Metabolic profiling is helpful for pharmaceutical investigations to aid in the discovery of new drug targets and to observe biological changes in response to drug therapies. At times, it can be difficult to confidently assess metabolic changes due to chemical background noise; in addition, samples from food-deprived individuals may affect metabolomic profiling and lead to false data clustering. Despite these difficulties, Sanders and colleagues (2014) have demonstrated a sufficient reduction in chemical noise and redundancy using ultra-high-performance liquid chromatography (UHPLC).1
Meeting these challenges head-on, the researchers wished to see if they could obtain confident results using highly sensitive and accurate software and instrumentation from Thermo Scientific. They designed the investigation to include male rats of various ages that were fully satiated, as well as rats acutely and chronically fasting. After removing protein from blood and drying and reconstituting it, the team also spiked each sample with N-benzoyl-D5-glycine as an internal standard (tR = 4.27 min, m/z 185.0969). They analyzed samples via liquid chromatography and mass spectrometry (LC-MS) using an Accela UHPLC system and a Hypersil GOLD aQ column (both Thermo Scientific).
The team also acquired high-resolution accurate-mass (HRAM) data (in both positive and negative ion modes) using a Q Exactive Focus hybrid quadrupole-Orbitrap mass spectrometer (Thermo Scientific) operated at 70,000 resolution (FWHM).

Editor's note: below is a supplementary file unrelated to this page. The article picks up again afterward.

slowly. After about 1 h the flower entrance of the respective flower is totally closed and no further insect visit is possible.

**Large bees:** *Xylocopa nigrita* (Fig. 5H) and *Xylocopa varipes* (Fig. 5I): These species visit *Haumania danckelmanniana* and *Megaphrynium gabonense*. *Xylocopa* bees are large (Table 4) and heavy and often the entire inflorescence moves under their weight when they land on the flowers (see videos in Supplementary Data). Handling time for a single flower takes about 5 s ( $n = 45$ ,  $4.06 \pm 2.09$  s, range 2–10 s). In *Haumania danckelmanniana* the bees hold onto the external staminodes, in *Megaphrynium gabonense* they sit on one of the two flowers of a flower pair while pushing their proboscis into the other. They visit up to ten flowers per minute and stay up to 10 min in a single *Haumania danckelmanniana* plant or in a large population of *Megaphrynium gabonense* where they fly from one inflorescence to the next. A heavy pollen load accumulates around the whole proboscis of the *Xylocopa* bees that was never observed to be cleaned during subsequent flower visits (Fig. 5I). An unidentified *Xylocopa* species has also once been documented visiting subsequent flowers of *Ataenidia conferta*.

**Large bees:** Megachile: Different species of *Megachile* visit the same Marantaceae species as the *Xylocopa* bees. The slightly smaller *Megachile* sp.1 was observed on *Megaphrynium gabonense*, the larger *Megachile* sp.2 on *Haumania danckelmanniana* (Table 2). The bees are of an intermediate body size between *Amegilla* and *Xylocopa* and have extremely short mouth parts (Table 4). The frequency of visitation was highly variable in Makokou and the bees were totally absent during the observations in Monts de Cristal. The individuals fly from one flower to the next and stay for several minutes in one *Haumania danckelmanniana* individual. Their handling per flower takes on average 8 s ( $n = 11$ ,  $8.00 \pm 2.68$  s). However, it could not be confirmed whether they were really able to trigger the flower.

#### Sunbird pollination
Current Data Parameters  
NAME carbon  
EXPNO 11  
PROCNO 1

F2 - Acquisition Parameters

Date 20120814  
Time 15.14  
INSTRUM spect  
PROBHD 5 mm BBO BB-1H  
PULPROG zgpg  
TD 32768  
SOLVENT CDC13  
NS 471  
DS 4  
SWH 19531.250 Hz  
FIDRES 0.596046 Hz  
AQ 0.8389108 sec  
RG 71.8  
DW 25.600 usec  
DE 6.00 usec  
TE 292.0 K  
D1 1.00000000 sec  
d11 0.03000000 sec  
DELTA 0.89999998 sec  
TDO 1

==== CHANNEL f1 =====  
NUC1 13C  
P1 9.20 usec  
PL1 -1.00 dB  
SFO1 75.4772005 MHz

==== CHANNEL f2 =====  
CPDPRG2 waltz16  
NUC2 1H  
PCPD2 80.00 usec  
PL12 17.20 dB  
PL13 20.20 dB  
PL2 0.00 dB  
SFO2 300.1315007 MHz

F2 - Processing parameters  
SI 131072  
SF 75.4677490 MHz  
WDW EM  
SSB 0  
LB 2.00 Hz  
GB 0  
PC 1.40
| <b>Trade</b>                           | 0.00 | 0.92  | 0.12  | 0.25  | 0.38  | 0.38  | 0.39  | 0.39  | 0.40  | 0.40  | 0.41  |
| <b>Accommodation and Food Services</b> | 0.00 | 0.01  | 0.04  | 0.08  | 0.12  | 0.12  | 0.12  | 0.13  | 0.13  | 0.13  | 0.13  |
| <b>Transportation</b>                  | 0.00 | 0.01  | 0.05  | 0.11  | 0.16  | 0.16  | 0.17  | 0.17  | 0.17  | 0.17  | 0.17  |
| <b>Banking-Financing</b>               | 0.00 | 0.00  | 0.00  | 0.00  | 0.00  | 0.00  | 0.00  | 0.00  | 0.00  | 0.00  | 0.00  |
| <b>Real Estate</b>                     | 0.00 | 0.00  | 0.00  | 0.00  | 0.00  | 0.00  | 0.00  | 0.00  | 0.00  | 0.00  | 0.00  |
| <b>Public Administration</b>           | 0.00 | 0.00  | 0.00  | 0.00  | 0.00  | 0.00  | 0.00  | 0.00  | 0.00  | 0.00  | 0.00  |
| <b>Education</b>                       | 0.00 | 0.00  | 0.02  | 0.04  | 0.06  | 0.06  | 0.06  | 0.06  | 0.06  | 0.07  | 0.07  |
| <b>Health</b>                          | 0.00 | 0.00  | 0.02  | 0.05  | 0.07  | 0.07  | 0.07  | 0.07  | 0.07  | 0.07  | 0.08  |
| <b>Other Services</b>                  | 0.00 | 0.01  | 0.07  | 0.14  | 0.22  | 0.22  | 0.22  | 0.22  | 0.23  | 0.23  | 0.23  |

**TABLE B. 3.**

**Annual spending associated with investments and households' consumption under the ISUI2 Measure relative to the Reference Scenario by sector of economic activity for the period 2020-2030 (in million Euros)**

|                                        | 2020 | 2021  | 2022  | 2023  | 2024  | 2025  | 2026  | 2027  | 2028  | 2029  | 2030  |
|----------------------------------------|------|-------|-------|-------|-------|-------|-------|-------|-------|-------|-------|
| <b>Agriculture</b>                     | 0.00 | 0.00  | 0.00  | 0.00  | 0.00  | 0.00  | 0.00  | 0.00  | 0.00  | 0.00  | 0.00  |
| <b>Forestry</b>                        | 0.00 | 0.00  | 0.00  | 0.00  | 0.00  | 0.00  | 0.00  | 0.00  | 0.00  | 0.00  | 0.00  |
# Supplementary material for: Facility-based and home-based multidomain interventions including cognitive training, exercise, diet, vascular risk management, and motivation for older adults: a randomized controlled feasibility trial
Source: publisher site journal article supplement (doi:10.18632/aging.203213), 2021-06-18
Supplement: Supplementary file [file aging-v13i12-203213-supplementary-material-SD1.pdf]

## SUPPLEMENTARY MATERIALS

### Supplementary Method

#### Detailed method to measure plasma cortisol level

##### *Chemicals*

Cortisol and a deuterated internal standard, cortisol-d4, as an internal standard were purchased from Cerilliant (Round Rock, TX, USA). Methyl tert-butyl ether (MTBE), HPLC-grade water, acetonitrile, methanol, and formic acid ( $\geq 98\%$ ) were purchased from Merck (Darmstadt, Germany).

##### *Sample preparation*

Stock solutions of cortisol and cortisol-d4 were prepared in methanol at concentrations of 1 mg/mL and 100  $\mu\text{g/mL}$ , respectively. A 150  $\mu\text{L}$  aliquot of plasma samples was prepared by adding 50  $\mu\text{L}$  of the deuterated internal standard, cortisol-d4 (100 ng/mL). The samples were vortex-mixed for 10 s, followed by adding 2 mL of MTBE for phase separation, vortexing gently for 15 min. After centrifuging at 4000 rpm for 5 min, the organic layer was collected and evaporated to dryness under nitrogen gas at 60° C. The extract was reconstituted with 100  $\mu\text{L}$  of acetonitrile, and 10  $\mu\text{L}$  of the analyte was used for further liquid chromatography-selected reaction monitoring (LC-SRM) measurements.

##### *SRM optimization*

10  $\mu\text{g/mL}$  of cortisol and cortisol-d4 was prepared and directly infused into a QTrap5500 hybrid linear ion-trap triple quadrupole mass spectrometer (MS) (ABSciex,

Using this strategy, the scientists were able to reduce chemical noise through using the intelligent data reduction tools found in the Component Elucidator (CE) data processing algorithms within the Thermo Scientific SIEVE software. This software features a unique processing strategy that groups data together into a batch. Any information gained in one run verifies the information gained in the next run. This helps to identify and quantify targets with low concentrations.
As expected, the team saw clear differences between fasting and fed animals, and the metabolites identified showed excellent reproducibility among samples, with no technical replicates necessary. In this demonstration, the robust Q Exactive Focus mass spectrometer provided a clear-cut platform compatible with UHPLC, while the SIEVE software removed noise and reduced redundant data with multiple ions per component, thereby increasing confidence in the overall results. In conclusion, Sanders et al. definitively demonstrated that the nutritional status factor may lead to false results and conclusions in metabolomics studies.
1. Sanders, M., et al. (2014) “Metabolomic profiling in drug discovery: Understanding the factors that influence a metabolomics study and strategies to reduce biochemical and chemical noise,” Application Note 610, available at bottom of page of hyperlinked URL.
Post Author: Emily Humphreys. Emily has previous research experience in eye development, infectious diseases, and aging. While she enjoyed the thrill of research, She has since traded bench work for science journalism. Emily has been a regular contributor to Accelerating Science since 2012.